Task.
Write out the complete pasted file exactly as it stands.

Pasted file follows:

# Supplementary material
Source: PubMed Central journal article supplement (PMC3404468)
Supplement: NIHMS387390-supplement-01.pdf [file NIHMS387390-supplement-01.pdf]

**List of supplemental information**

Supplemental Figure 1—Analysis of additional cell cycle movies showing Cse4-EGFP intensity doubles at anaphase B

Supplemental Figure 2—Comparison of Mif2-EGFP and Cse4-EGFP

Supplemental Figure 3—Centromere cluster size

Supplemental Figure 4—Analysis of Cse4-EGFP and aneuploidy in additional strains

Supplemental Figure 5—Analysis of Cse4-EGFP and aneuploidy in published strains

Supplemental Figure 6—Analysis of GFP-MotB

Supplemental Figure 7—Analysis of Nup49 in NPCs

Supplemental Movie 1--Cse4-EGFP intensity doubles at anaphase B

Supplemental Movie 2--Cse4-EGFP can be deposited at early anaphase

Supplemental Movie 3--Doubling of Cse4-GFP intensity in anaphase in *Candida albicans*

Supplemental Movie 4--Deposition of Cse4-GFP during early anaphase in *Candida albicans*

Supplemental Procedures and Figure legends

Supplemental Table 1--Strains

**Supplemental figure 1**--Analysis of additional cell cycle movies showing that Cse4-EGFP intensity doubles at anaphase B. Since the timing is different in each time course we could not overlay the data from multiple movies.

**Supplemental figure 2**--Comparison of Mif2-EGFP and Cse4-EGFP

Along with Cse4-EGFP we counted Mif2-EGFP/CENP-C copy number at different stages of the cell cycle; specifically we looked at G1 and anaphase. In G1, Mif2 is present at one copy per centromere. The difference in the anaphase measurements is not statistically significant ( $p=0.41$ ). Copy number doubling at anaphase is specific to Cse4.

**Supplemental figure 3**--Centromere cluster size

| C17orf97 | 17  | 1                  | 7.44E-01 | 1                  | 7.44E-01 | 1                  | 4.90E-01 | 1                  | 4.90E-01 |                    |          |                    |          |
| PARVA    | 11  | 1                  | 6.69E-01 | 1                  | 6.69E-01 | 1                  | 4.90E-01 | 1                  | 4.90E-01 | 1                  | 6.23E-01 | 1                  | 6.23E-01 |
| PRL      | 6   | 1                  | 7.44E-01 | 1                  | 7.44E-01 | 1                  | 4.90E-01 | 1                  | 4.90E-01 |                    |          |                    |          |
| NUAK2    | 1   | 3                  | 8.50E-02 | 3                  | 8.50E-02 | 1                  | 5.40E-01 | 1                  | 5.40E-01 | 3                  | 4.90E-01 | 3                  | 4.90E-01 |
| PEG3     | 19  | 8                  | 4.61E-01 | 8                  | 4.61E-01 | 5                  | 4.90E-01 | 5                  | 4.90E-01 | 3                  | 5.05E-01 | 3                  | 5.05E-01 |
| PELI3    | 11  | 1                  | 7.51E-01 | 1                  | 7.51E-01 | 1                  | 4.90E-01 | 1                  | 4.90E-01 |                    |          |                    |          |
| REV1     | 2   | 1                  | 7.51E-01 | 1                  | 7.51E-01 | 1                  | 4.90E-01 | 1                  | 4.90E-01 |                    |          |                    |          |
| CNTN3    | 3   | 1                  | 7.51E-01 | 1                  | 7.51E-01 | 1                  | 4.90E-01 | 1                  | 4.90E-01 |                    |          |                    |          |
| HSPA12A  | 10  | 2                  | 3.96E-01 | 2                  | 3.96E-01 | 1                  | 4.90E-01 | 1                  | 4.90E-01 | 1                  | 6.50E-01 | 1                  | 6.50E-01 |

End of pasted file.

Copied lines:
# Supplementary material
Source: PubMed Central journal article supplement (PMC3404468)
Supplement: NIHMS387390-supplement-01.pdf [file NIHMS387390-supplement-01.pdf]

**List of supplemental information**

Supplemental Figure 1—Analysis of additional cell cycle movies showing Cse4-EGFP intensity doubles at anaphase B

Supplemental Figure 2—Comparison of Mif2-EGFP and Cse4-EGFP

Supplemental Figure 3—Centromere cluster size

Supplemental Figure 4—Analysis of Cse4-EGFP and aneuploidy in additional strains

Supplemental Figure 5—Analysis of Cse4-EGFP and aneuploidy in published strains

Supplemental Figure 6—Analysis of GFP-MotB

Supplemental Figure 7—Analysis of Nup49 in NPCs

Supplemental Movie 1--Cse4-EGFP intensity doubles at anaphase B

Supplemental Movie 2--Cse4-EGFP can be deposited at early anaphase

Supplemental Movie 3--Doubling of Cse4-GFP intensity in anaphase in *Candida albicans*

Supplemental Movie 4--Deposition of Cse4-GFP during early anaphase in *Candida albicans*

Supplemental Procedures and Figure legends

Supplemental Table 1--Strains

**Supplemental figure 1**--Analysis of additional cell cycle movies showing that Cse4-EGFP intensity doubles at anaphase B. Since the timing is different in each time course we could not overlay the data from multiple movies.

**Supplemental figure 2**--Comparison of Mif2-EGFP and Cse4-EGFP

Along with Cse4-EGFP we counted Mif2-EGFP/CENP-C copy number at different stages of the cell cycle; specifically we looked at G1 and anaphase. In G1, Mif2 is present at one copy per centromere. The difference in the anaphase measurements is not statistically significant ( $p=0.41$ ). Copy number doubling at anaphase is specific to Cse4.

**Supplemental figure 3**--Centromere cluster size

| C17orf97 | 17  | 1                  | 7.44E-01 | 1                  | 7.44E-01 | 1                  | 4.90E-01 | 1                  | 4.90E-01 |                    |          |                    |          |
| PARVA    | 11  | 1                  | 6.69E-01 | 1                  | 6.69E-01 | 1                  | 4.90E-01 | 1                  | 4.90E-01 | 1                  | 6.23E-01 | 1                  | 6.23E-01 |
| PRL      | 6   | 1                  | 7.44E-01 | 1                  | 7.44E-01 | 1                  | 4.90E-01 | 1                  | 4.90E-01 |                    |          |                    |          |
| NUAK2    | 1   | 3                  | 8.50E-02 | 3                  | 8.50E-02 | 1                  | 5.40E-01 | 1                  | 5.40E-01 | 3                  | 4.90E-01 | 3                  | 4.90E-01 |
| PEG3     | 19  | 8                  | 4.61E-01 | 8                  | 4.61E-01 | 5                  | 4.90E-01 | 5                  | 4.90E-01 | 3                  | 5.05E-01 | 3                  | 5.05E-01 |
| PELI3    | 11  | 1                  | 7.51E-01 | 1                  | 7.51E-01 | 1                  | 4.90E-01 | 1                  | 4.90E-01 |                    |          |                    |          |
| REV1     | 2   | 1                  | 7.51E-01 | 1                  | 7.51E-01 | 1                  | 4.90E-01 | 1                  | 4.90E-01 |                    |          |                    |          |
| CNTN3    | 3   | 1                  | 7.51E-01 | 1                  | 7.51E-01 | 1                  | 4.90E-01 | 1                  | 4.90E-01 |                    |          |                    |          |
| HSPA12A  | 10  | 2                  | 3.96E-01 | 2                  | 3.96E-01 | 1                  | 4.90E-01 | 1                  | 4.90E-01 | 1                  | 6.50E-01 | 1                  | 6.50E-01 |